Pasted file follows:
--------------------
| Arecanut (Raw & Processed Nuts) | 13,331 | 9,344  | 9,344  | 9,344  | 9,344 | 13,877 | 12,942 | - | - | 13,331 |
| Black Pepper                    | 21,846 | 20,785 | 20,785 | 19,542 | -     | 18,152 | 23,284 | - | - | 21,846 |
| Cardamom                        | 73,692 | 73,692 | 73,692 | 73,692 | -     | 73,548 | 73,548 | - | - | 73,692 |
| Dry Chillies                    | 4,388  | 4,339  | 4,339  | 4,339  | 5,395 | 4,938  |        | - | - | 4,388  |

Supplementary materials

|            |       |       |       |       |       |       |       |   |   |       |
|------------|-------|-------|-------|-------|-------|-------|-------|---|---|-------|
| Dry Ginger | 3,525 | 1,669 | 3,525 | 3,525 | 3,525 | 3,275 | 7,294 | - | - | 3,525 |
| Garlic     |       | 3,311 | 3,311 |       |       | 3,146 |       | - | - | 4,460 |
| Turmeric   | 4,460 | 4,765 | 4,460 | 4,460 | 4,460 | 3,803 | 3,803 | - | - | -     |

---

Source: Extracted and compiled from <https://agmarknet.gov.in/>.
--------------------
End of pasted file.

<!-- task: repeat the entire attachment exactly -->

| Arecanut (Raw & Processed Nuts) | 13,331 | 9,344  | 9,344  | 9,344  | 9,344 | 13,877 | 12,942 | - | - | 13,331 |
| Black Pepper                    | 21,846 | 20,785 | 20,785 | 19,542 | -     | 18,152 | 23,284 | - | - | 21,846 |
| Cardamom                        | 73,692 | 73,692 | 73,692 | 73,692 | -     | 73,548 | 73,548 | - | - | 73,692 |
| Dry Chillies                    | 4,388  | 4,339  | 4,339  | 4,339  | 5,395 | 4,938  |        | - | - | 4,388  |

Supplementary materials

|            |       |       |       |       |       |       |       |   |   |       |
|------------|-------|-------|-------|-------|-------|-------|-------|---|---|-------|
| Dry Ginger | 3,525 | 1,669 | 3,525 | 3,525 | 3,525 | 3,275 | 7,294 | - | - | 3,525 |
| Garlic     |       | 3,311 | 3,311 |       |       | 3,146 |       | - | - | 4,460 |
| Turmeric   | 4,460 | 4,765 | 4,460 | 4,460 | 4,460 | 3,803 | 3,803 | - | - | -     |

---

Source: Extracted and compiled from <https://agmarknet.gov.in/>.